Camarillo, Albert. Chicanos in a Changing Society: From Mexican Pueblos to American Barrios in Santa Barbara and Southern California, 1848–1930. Cambridge, MA: Harvard University Press, 1979.
An early example of “history from the bottom up” as applied to Mexican Americans in Santa Barbara and Southern California, this book attends to the Anglo-American attack on Mexican American recreational pursuits such as horse racing after the US takeover of California.
Gonzales, Gilbert G. Labor and Community: Mexican Citrus Workers in a Southern California County, 1900–1950. Urbana: University of Illinois Press, 1994.
A fine social and cultural history of Mexican workers in Orange County during the first half of the 20th century, this book delves into how baseball reflected and reinforced the kind of communities Mexican Americans in the county were attempting to forge.
Levine, Peter. From Ellis Island to Ebbets Field: Sport and the American Jewish Experience. New York: Oxford University Press, 1993.
This book provides a rich survey of Jewish American sporting experiences, while providing a good example of how sport historians should approach ethnicity and community.
Monroy, Douglas. Thrown among Strangers: The Making of Mexican Culture in Frontier California. Berkeley and Los Angeles: University of California Press, 1990.
An eloquent analysis of the development of Mexican culture in California prior to the US-Mexican War, this study underscores the importance of recreational activities as Mexicans in California forged their early communities.
Monroy, Douglas. Rebirth: Mexican Los Angeles from the Great Migration to the Great Depression. Berkeley and Los Angeles: University of California Press, 1999.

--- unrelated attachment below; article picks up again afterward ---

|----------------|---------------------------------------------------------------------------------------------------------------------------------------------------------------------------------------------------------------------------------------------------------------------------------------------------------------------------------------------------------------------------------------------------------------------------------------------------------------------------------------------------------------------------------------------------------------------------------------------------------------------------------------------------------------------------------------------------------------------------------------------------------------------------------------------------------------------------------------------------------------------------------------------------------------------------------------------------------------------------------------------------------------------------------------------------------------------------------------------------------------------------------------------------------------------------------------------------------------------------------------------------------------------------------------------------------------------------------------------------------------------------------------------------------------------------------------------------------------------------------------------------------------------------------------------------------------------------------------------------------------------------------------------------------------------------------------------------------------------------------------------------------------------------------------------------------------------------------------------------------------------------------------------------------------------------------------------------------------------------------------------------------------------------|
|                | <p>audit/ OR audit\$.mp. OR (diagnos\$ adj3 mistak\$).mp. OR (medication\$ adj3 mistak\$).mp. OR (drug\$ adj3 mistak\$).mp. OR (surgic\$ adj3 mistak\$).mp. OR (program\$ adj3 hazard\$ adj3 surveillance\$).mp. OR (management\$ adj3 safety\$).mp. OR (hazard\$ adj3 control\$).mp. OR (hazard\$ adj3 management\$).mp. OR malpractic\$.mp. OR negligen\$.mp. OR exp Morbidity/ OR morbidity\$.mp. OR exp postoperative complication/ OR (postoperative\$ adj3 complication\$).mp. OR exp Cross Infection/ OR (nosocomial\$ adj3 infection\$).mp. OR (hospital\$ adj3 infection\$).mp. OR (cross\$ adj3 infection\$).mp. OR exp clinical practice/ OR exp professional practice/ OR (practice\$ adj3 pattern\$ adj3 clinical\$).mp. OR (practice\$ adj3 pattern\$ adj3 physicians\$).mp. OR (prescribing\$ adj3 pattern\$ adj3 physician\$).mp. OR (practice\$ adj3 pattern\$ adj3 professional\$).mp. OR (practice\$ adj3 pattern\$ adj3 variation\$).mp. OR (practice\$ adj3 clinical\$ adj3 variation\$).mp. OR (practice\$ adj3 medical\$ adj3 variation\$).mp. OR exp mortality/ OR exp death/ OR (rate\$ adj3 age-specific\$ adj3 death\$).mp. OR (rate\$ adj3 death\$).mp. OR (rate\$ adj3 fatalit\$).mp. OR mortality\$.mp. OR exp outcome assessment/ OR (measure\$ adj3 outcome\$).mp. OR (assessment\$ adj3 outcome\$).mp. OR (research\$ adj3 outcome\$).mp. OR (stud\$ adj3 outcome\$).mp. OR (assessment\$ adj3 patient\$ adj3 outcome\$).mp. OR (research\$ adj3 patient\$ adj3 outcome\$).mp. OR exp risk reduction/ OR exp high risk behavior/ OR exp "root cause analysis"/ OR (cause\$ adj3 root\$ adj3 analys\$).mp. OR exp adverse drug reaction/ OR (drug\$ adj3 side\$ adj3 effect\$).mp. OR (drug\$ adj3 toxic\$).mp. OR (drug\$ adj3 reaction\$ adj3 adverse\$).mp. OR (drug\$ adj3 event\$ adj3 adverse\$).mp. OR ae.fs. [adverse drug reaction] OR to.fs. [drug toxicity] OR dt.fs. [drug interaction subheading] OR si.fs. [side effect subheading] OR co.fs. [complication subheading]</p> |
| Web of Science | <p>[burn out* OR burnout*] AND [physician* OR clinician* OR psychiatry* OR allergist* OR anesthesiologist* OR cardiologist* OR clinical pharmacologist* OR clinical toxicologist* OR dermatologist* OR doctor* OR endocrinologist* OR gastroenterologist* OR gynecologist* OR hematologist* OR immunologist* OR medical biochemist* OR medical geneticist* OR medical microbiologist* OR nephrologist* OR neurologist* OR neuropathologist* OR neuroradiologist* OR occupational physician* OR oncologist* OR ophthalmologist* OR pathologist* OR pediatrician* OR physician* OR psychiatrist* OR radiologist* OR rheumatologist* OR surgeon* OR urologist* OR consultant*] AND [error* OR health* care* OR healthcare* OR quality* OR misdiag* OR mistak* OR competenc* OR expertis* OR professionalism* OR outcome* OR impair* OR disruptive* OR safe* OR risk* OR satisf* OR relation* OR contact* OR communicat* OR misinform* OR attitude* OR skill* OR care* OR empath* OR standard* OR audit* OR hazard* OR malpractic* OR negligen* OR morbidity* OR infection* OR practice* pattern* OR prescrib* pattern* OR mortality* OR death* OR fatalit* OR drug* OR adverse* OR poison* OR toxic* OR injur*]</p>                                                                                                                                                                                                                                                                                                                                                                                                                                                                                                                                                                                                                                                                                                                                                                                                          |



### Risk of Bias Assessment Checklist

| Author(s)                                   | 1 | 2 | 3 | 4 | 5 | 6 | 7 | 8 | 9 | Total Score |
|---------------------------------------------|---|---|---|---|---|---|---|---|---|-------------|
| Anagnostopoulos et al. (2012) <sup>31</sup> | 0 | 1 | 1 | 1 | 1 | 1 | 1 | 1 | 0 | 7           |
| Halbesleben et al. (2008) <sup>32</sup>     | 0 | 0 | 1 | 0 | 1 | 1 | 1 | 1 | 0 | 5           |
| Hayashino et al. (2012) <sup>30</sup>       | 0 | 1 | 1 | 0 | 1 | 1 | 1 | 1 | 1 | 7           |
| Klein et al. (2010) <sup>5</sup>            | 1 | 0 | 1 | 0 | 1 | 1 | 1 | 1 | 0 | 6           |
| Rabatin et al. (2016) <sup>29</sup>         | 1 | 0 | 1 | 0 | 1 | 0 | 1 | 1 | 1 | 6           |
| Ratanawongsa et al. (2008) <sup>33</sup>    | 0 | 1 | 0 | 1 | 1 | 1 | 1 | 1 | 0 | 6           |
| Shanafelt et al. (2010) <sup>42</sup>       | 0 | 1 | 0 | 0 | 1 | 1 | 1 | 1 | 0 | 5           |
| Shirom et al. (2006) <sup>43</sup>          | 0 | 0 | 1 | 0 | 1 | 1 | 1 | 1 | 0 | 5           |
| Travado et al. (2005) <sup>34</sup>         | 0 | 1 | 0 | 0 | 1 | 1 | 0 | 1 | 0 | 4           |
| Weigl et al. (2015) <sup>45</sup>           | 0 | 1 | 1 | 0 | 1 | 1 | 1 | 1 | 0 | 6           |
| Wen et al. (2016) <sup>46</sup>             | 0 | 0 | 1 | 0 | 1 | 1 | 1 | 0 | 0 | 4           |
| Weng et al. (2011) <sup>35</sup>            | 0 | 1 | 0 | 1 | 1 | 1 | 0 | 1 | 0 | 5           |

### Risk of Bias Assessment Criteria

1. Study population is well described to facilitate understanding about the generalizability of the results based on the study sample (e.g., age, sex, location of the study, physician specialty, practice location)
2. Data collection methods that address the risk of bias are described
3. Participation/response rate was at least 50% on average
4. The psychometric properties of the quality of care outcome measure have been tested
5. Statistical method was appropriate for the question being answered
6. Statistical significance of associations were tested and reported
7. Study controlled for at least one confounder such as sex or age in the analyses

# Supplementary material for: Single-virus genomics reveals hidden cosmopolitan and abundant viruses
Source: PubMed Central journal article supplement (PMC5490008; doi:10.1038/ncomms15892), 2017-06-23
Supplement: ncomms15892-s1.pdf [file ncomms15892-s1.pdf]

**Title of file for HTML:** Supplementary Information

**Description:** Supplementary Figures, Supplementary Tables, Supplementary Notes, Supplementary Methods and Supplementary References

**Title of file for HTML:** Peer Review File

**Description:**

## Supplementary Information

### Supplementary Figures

This book focuses on the experiences of Mexican Americans in Los Angeles during the early decades of the 20th century. One of its many useful features is an examination of baseball and community in Mexican Los Angeles.
Pérez, Louis, Jr. On Becoming Cuban: Identity, Nationality, and Culture. Chapel Hill: University of North Carolina Press, 1999.
This book provides a long-needed overview of Cuban American history, while examining the role of sport in that history.
Pitt, Leonard. The Decline of the Californios: A Social History of the Spanish Speaking Californians, 1846–1900. Berkeley and Los Angeles: University of California Press, 1966.
A pioneering social history of what happened to Mexican Californians after the US-Mexican War, this book introduces readers to the sporting culture of Californios in the mid-19th century and what happened as Anglos gained hegemony in the new state.
Ruiz, Vicki. Cannery Women, Cannery Lives: Mexican Women, Unionization, and the California Food Processing Industry, 1930–1950. Albuquerque: University of New Mexico Press, 1987.
A trailblazing social and cultural history of gender, ethnicity, and race, this book glances at the discrimination Mexican Americans faced in mid-20th-century California in terms of recreational activities such as swimming.
Sanchez, George. Becoming Mexican American: Ethnicity, Culture, and Identity in Chicano Los Angeles, 1900–1945. New York: Oxford University Press, 1995.
This book covers many facets of Mexican American life in Los Angeles during the first half of the 20th century. In the process, it examines the recreational activities of the emerging Mexican American community in the city.
Tygiel, Jules. Baseball’s Great Experiment: Jackie Robinson and His Legacy. New York: Oxford University Press, 1983.
While stressing the experiences of Jackie Robinson, this book breaks ground in terms of placing the racial integration of organized baseball in historical context.